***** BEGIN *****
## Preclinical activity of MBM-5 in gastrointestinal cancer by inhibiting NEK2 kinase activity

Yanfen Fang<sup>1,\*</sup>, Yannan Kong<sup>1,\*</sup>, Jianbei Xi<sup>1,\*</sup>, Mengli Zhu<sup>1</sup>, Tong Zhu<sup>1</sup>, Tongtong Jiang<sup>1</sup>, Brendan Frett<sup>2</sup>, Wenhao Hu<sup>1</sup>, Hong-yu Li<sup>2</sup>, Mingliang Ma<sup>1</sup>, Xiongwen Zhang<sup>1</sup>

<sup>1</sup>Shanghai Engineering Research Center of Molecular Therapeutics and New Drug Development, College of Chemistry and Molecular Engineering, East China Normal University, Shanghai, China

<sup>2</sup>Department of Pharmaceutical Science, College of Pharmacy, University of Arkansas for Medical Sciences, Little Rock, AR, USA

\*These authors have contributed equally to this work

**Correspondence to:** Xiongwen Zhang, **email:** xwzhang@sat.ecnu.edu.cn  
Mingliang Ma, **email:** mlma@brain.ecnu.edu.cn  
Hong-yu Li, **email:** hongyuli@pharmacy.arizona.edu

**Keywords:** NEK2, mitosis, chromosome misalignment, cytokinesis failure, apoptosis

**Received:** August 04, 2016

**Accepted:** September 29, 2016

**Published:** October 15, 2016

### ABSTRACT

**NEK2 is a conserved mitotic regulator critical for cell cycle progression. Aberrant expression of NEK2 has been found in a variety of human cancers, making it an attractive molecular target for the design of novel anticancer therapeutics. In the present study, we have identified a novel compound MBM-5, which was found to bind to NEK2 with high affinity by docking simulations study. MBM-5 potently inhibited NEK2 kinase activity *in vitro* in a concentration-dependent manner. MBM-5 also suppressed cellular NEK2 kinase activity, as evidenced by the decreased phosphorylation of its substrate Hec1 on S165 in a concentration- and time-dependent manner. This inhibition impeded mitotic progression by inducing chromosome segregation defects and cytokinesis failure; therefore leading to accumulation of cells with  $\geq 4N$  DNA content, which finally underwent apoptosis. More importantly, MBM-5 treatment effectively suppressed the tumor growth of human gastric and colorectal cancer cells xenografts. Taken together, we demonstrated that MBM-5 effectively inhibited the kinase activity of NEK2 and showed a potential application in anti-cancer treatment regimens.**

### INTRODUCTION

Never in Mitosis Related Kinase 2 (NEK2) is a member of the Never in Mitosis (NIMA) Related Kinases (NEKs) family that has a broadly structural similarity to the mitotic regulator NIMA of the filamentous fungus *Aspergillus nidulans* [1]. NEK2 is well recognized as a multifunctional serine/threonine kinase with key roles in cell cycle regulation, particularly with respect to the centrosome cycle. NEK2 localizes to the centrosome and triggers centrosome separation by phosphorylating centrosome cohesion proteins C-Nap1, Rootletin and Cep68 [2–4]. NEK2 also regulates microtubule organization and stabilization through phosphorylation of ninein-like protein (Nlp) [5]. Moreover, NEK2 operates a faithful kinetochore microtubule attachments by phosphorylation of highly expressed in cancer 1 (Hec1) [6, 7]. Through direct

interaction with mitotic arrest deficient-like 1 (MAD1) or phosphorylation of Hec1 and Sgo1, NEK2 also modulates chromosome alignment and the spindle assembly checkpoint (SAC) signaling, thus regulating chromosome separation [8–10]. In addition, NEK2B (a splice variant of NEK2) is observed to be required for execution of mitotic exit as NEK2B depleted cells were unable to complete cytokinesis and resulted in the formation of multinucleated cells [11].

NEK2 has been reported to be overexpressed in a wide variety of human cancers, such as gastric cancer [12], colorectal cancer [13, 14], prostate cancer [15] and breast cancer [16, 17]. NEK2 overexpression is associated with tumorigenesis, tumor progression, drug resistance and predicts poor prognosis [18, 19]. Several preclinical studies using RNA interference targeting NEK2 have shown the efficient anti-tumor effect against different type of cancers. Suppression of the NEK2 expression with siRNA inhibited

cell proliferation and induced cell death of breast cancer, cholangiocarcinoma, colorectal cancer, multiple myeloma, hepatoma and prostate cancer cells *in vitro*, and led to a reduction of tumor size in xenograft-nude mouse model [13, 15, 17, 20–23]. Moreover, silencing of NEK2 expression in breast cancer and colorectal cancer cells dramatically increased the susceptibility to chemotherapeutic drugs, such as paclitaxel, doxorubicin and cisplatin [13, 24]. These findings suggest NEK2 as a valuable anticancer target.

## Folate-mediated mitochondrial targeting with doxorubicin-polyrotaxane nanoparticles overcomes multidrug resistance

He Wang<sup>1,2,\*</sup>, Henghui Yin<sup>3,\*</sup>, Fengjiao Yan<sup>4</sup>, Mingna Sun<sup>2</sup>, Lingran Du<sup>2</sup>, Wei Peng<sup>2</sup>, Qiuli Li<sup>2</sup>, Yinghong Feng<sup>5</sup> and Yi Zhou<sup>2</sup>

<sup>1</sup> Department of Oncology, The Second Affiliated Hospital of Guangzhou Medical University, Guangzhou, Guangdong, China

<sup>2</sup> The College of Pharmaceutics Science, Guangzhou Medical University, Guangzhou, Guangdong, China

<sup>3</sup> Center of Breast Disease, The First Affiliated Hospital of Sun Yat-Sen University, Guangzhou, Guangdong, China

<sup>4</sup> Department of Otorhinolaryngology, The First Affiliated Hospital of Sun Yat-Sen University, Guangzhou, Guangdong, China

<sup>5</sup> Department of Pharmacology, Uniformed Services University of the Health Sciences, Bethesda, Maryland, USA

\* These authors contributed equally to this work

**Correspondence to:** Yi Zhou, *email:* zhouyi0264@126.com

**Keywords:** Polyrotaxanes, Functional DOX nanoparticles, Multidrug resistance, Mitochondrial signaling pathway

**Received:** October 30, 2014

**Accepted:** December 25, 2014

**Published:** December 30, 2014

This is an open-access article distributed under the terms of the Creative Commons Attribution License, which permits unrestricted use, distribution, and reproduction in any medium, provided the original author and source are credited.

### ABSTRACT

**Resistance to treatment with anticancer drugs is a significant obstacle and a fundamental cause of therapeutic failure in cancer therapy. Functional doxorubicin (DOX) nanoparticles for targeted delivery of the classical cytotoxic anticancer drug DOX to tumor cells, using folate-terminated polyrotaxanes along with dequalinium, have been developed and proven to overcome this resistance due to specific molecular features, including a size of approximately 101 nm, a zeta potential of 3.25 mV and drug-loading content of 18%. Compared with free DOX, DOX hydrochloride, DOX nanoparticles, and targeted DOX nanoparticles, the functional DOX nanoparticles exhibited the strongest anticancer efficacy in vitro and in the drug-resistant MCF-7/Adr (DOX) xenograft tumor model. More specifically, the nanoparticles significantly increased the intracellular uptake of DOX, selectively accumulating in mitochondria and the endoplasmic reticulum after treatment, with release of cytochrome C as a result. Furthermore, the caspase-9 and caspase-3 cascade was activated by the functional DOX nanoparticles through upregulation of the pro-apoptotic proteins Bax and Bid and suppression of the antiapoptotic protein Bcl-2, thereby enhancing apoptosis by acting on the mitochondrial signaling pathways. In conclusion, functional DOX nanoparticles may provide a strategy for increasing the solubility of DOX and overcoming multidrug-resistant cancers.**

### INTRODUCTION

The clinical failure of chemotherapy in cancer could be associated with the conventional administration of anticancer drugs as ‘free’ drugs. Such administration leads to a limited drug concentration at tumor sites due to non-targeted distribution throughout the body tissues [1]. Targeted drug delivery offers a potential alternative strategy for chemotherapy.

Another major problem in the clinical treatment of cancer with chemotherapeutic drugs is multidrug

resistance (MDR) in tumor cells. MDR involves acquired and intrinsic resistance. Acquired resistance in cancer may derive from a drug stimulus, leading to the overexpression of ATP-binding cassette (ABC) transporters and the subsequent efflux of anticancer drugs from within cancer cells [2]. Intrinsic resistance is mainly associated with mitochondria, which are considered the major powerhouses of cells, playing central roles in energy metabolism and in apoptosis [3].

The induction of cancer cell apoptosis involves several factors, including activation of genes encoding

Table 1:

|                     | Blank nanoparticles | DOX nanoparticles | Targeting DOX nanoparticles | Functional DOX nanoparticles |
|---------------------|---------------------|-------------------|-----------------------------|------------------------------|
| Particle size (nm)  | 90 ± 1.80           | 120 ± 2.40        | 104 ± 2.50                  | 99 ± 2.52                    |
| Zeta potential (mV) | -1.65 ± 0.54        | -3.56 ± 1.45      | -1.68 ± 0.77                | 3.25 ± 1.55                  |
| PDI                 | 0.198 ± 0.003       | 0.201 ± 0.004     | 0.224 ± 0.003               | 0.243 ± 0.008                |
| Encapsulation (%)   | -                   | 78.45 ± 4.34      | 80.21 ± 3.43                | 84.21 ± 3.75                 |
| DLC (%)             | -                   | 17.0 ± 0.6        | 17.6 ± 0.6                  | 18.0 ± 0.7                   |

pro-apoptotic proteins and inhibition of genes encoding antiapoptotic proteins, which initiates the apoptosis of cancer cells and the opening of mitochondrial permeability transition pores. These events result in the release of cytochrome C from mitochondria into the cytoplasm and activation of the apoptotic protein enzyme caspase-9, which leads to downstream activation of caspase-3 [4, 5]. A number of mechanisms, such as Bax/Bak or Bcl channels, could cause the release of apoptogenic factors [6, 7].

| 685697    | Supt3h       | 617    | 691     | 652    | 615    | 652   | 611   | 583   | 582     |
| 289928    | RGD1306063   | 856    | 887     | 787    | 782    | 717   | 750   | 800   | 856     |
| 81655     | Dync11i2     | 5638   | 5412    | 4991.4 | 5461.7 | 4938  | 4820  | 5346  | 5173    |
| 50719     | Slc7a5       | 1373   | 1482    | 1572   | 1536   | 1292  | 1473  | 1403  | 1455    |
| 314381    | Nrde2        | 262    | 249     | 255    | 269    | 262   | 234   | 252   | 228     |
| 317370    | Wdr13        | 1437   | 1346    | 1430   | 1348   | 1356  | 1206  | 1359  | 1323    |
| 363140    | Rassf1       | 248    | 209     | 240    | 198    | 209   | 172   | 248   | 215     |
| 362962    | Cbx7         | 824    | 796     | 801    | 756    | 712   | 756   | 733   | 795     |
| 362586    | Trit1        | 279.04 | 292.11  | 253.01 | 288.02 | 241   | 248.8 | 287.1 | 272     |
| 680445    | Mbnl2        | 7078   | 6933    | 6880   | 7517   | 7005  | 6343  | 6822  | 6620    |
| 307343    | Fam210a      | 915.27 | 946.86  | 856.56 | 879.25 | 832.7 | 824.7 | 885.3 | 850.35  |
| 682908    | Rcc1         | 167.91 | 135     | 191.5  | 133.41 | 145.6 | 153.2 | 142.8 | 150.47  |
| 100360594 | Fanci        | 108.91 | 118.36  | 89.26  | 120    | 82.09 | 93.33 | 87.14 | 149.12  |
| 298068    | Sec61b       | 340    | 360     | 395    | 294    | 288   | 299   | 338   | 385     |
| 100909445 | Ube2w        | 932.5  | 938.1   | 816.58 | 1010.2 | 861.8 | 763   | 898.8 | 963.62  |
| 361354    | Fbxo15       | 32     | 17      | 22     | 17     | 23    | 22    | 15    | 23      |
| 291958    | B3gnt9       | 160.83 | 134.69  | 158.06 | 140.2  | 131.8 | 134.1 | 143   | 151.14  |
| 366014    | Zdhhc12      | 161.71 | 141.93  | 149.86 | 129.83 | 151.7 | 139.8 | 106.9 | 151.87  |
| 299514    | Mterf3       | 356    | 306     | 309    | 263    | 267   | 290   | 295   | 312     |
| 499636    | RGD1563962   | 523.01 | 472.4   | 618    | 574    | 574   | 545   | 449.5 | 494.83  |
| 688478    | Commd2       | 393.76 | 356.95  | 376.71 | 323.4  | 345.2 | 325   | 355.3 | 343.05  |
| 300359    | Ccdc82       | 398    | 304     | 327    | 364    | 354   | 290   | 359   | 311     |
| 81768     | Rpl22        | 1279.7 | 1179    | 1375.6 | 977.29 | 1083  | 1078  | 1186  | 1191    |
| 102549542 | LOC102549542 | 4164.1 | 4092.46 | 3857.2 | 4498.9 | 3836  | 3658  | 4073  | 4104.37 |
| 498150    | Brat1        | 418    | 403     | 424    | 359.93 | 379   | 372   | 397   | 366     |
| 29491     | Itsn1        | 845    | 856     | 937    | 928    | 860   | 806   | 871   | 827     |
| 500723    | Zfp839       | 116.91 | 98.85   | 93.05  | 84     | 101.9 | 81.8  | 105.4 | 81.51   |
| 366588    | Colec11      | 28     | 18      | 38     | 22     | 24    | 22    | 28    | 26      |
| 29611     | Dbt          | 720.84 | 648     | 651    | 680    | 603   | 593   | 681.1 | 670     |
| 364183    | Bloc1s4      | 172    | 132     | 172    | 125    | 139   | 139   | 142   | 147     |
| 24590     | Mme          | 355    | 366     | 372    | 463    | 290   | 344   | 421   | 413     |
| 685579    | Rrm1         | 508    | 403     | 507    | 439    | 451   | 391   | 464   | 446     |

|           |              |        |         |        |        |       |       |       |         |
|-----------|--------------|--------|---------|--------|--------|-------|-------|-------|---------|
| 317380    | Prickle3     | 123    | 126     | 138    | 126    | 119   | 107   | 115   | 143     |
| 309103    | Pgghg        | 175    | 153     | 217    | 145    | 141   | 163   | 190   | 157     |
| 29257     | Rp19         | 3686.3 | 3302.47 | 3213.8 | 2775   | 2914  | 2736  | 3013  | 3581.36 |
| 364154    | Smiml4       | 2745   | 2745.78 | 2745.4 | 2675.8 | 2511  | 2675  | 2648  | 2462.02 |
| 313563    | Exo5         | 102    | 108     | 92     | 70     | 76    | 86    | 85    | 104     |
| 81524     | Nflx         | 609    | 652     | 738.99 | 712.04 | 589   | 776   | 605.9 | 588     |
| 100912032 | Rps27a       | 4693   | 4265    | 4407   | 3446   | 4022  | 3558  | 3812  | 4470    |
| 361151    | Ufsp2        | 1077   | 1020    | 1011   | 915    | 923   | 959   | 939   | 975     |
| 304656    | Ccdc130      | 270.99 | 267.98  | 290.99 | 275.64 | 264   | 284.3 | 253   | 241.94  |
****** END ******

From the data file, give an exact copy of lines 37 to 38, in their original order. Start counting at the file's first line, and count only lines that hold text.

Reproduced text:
The clinical failure of chemotherapy in cancer could be associated with the conventional administration of anticancer drugs as ‘free’ drugs. Such administration leads to a limited drug concentration at tumor sites due to non-targeted distribution throughout the body tissues [1]. Targeted drug delivery offers a potential alternative strategy for chemotherapy.

Another major problem in the clinical treatment of cancer with chemotherapeutic drugs is multidrug